Finding God In


“Thanksgiving opens the door to spiritual growth. If there is any day in our life which is not thanksgiving day, then we are not fully alive. Counting our blessing attracts blessings. Counting our blessings each morning starts a day full of blessings. Thanksgiving brings God’s bounty. From gratitude comes riches—from complaints, poverty. Thankfulness opens the door to happiness. Thanksgiving causes giving. Thanksgiving puts our mind in tune with the Infinite. Continual gratitude dissolves our worries.” (The American Spectator • 2009 09 11)

by philanthropist, Sir John Templeton


The Importance of Gratitude

Roger Scruton

Roger Scruton is a writer, philosopher, entrepreneur, and commentator who is currently a resident scholar at the American Enterprise Institute, and Senior Fellow of The Trinity Forum. Among his recent books are Beauty and Understanding Music: Philosophy and Interpretation.

Moving from charity to justice—from gift to rights—has social costs

Senior Fellow Roger Scruton gave this address on 23 June 2009 for Trinity Forum Westminster, a new initiative of Trinity Forum Europe for the Parliamentary and political community in the UK. In the religions that are familiar to us, the idea of grace is of fundamental importance. The term (Latin gratia) translates a variety of words in Hebrew, Greek, Arabic, and Sanskrit, but all the sacred texts seem to point in the same direction, affirming that God’s relation to the world as a whole, and to each of us in particular, is one of giving. God’s grace (as contained in the person and acts of his Son) is acknowledged in the liturgy of the Anglican Church, when we say together ‘the Grace of our Lord Jesus Christ, the Love of God, and the Fellowship of the Holy Spirit, be with us now and evermore’. The great prayer of the Catholic Church, based on a poem in the New Testament, greets the Virgin Mary with the words ‘Hail Mary, full of Grace, blessed art thou among women, and blessed is the fruit of thy womb, Jesus.’ The Koran opens with the verse that forms a refrain in the life of all Muslims: bism illah il-rahman il-rahim, in the name of God, full of grace, full of graciousness, as Mohamed Asad translates it, and the root rhm is shared with Hebrew, used often in the Old Testament to denote God’s concern for us, His recognition of our weakness, and His abundance of gifts.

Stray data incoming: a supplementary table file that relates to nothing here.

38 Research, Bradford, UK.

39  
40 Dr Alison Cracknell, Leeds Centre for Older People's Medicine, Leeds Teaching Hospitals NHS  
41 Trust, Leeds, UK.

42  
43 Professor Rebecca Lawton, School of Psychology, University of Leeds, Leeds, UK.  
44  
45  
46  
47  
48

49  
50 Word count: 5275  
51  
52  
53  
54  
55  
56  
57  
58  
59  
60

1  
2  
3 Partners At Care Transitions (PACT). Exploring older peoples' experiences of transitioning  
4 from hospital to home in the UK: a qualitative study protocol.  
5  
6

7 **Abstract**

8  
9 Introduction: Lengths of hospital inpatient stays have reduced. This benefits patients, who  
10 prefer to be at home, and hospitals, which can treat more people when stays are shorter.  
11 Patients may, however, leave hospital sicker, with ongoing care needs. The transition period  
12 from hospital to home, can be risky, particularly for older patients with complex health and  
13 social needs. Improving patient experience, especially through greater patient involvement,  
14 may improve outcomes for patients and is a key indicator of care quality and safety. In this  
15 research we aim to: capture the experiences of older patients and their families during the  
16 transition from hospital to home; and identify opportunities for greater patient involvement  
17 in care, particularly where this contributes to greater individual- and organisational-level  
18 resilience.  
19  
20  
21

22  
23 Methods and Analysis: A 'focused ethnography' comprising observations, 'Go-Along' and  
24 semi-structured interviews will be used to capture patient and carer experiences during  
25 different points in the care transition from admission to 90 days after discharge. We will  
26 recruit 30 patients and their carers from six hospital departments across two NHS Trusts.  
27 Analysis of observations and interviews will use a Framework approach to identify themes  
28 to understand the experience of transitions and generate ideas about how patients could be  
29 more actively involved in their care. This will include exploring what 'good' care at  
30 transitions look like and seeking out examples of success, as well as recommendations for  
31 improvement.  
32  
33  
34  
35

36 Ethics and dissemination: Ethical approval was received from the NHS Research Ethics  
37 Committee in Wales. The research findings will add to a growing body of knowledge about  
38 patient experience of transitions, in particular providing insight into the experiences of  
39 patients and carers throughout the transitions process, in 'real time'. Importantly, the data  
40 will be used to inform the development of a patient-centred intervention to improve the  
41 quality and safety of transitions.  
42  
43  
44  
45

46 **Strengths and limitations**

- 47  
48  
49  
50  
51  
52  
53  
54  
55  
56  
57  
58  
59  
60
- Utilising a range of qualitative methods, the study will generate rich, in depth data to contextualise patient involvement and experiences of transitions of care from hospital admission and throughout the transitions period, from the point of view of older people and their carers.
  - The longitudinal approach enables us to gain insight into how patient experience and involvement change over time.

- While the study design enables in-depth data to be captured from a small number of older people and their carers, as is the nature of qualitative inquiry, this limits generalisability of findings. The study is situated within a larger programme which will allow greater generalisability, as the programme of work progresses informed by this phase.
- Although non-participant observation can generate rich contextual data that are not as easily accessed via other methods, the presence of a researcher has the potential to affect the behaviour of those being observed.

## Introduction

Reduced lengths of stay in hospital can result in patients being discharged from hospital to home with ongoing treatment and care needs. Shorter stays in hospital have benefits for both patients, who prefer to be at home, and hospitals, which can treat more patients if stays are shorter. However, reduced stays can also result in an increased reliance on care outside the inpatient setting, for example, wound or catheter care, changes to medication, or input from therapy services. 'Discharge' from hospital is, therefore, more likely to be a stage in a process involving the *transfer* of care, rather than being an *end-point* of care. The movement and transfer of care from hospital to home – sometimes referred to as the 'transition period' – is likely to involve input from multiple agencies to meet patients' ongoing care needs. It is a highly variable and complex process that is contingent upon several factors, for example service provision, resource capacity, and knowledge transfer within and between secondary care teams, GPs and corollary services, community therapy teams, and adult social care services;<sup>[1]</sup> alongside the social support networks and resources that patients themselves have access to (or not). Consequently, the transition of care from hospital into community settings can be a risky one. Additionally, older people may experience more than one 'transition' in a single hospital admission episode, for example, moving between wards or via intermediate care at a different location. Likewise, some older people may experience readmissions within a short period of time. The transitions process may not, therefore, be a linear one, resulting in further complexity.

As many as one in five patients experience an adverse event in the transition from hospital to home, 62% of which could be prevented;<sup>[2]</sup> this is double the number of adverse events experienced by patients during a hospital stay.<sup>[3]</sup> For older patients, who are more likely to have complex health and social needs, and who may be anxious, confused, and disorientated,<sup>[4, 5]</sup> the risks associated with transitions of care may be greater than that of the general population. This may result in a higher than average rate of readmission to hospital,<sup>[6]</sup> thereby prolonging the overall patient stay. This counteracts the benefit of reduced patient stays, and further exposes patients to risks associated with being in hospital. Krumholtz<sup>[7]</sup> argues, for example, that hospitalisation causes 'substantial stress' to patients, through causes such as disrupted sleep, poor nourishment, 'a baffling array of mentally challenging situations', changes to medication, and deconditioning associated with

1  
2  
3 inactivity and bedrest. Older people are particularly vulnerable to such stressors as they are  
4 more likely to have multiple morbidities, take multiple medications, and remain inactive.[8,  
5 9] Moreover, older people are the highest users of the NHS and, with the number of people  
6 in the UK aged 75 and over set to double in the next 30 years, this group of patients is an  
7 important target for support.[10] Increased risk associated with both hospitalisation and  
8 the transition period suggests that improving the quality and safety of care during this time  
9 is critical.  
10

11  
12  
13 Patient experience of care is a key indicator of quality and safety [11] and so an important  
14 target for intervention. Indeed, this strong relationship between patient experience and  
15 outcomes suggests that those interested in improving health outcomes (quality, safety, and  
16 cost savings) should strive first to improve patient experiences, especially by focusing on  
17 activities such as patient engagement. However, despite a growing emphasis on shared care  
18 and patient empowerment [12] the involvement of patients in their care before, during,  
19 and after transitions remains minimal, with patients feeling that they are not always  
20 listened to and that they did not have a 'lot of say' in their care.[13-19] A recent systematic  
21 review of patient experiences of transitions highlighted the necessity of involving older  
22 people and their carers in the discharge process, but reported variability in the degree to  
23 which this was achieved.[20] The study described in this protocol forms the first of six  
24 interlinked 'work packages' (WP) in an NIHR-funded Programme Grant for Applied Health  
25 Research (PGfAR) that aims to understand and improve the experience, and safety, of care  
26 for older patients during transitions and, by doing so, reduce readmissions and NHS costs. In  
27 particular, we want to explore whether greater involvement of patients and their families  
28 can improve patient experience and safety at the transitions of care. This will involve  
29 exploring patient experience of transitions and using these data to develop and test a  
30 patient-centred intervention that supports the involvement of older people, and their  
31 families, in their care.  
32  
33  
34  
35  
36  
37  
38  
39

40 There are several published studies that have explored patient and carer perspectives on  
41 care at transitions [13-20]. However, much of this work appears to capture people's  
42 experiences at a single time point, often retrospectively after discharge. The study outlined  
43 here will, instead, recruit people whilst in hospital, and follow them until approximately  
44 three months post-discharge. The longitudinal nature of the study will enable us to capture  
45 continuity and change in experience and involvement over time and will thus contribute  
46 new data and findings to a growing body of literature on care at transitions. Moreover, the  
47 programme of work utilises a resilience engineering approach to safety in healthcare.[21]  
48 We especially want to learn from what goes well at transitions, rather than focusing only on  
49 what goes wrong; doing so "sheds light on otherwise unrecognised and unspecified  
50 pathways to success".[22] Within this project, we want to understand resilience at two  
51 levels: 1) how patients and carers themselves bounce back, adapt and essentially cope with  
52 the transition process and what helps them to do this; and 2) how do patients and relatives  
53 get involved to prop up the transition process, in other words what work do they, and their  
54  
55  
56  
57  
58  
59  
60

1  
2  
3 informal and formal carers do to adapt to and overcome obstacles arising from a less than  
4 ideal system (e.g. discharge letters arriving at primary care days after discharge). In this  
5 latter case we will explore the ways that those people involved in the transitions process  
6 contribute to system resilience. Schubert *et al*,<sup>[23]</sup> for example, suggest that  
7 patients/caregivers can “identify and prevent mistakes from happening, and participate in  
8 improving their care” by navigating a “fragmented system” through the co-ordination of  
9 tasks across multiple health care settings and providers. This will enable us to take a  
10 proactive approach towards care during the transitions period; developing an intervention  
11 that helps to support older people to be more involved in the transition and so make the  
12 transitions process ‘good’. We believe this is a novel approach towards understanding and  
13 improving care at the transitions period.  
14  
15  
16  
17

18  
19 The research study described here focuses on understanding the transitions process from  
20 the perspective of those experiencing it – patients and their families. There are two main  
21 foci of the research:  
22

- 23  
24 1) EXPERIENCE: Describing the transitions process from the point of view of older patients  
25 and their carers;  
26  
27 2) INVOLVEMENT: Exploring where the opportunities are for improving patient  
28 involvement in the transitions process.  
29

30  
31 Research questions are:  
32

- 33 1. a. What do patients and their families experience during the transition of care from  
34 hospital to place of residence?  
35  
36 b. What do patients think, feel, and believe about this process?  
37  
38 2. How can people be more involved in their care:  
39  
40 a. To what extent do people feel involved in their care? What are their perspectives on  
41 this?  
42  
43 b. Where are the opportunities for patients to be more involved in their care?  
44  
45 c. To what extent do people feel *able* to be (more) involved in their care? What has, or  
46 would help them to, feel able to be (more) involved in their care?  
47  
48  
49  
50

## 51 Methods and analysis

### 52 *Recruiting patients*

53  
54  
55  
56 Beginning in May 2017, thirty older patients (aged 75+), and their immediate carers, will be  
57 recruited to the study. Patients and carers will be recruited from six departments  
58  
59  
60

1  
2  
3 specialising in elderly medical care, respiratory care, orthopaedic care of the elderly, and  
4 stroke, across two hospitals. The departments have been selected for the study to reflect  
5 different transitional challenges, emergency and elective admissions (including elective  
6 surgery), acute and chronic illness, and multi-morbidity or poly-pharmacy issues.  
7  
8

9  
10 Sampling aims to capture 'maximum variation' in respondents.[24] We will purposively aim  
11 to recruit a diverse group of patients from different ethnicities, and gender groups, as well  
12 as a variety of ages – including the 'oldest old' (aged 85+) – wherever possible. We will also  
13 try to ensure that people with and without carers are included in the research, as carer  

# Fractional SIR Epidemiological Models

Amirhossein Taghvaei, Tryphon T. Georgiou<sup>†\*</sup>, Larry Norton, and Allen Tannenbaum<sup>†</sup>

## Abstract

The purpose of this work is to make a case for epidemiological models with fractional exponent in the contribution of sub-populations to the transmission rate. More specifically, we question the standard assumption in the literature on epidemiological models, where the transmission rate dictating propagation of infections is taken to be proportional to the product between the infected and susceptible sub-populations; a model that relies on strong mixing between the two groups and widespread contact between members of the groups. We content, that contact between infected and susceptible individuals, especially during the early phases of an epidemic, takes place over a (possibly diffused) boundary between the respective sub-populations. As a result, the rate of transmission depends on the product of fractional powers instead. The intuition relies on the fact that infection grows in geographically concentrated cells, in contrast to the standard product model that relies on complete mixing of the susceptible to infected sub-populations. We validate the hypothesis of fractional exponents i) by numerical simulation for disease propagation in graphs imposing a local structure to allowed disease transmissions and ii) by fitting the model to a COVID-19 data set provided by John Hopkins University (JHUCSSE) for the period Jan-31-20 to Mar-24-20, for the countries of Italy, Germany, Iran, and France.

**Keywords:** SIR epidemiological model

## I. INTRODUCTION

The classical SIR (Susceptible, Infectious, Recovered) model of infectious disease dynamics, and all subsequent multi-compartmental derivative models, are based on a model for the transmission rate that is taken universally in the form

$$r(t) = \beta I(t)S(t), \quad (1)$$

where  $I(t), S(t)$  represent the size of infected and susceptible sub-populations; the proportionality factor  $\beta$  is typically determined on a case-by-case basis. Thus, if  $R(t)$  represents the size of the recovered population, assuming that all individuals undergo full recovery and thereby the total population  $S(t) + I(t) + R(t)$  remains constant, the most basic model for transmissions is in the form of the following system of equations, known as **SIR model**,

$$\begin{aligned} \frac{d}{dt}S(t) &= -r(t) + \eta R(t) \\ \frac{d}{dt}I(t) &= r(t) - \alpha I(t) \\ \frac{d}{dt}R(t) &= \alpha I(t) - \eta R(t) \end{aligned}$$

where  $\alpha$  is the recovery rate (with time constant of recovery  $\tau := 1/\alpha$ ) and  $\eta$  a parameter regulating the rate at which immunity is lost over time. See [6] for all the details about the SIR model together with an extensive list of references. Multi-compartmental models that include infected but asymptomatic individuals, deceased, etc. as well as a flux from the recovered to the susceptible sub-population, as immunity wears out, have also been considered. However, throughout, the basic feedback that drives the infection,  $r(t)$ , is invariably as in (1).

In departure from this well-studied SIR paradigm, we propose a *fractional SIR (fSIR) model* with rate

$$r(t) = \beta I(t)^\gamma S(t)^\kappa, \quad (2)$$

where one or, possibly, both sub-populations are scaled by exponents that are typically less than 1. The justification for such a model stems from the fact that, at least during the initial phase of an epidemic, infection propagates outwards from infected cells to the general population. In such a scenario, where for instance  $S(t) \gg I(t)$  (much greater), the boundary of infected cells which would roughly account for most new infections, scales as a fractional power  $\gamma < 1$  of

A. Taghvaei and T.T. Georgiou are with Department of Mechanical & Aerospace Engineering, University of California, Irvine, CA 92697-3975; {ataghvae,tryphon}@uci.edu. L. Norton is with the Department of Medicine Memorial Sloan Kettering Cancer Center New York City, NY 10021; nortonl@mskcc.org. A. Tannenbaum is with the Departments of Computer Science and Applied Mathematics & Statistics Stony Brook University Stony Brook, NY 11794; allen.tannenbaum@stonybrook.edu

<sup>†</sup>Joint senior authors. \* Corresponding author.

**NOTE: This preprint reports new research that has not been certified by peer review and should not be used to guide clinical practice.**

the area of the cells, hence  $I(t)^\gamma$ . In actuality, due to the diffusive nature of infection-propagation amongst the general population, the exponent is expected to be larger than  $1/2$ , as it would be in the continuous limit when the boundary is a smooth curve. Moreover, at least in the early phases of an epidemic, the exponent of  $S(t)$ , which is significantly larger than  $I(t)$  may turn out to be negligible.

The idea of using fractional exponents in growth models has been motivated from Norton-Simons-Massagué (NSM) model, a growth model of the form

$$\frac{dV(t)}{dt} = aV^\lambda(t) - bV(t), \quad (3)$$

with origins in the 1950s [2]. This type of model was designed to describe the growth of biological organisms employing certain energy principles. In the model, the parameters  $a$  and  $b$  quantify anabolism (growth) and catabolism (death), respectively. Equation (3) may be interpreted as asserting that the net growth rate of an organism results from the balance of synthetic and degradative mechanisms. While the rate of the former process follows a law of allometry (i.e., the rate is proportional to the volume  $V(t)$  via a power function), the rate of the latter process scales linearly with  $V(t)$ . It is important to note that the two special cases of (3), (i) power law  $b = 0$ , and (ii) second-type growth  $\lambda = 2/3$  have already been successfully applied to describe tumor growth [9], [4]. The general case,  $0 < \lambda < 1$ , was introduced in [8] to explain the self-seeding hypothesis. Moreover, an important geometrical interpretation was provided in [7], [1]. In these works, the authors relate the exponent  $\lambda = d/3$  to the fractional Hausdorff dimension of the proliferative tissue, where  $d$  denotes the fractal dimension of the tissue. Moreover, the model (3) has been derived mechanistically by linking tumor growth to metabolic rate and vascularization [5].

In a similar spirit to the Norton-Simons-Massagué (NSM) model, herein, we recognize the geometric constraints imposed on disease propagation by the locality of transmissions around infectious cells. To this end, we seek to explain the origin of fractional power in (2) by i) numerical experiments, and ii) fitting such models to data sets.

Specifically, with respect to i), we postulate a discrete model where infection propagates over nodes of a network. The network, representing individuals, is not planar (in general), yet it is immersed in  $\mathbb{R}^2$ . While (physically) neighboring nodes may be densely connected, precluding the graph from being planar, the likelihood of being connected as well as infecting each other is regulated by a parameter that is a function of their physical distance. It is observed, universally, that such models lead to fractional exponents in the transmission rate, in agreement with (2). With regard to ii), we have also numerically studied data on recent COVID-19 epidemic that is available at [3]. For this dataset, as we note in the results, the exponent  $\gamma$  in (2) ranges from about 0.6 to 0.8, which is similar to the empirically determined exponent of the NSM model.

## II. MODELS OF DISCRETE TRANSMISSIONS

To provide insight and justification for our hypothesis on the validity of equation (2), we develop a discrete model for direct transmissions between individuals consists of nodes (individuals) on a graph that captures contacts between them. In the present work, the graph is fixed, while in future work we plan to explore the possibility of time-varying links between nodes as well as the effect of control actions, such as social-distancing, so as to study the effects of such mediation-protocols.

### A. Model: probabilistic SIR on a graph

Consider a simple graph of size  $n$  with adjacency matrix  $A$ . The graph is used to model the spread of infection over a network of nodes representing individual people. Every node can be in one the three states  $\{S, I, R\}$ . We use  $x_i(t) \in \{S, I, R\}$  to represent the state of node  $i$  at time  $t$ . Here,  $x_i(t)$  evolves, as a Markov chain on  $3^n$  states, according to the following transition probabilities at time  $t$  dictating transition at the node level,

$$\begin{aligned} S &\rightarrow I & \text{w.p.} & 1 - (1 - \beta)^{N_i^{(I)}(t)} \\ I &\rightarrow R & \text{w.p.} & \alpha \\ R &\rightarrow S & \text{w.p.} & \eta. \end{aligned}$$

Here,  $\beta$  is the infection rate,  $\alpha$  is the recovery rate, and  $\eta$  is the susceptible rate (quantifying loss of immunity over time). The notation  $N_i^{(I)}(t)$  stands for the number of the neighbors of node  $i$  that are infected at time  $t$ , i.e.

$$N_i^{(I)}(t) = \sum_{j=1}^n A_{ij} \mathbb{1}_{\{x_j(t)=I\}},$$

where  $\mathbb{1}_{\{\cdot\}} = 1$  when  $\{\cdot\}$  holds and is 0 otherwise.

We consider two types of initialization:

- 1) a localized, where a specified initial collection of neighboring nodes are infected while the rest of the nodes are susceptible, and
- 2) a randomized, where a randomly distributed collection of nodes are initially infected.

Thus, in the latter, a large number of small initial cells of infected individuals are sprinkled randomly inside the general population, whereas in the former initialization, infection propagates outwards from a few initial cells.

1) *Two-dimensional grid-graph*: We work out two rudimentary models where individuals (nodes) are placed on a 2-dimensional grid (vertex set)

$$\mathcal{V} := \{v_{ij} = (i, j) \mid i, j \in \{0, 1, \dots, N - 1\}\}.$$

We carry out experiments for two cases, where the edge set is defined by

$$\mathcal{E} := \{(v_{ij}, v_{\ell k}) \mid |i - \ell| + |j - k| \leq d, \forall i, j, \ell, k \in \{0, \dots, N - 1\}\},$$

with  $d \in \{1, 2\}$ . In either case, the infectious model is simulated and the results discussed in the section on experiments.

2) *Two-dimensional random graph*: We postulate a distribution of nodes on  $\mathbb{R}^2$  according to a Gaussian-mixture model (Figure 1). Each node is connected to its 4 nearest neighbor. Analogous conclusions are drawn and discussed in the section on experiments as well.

People brought up in a religious community are aware that much has been given to them, both materially and spiritually. They will feel an instinctive leaning towards John Bunyan’s sentiment, in entitling his autobiography Grace Abounding to the Chief of Sinners. It was St Paul who described himself as ‘the chief of sinners’: but if this title was earned by St Paul and by Bunyan, what of you and me? Most people who have examined their own lives with the eye of judgement have come to Bunyan’s conclusion—that there is no way in which they can be forgiven for all that they have done without the grace of God, on which their rescue depends. The idea that the world is sustained by gift is second nature to religious people, who believe that they should be givers in their turn, if they are to receive the gift on which they depend for their salvation.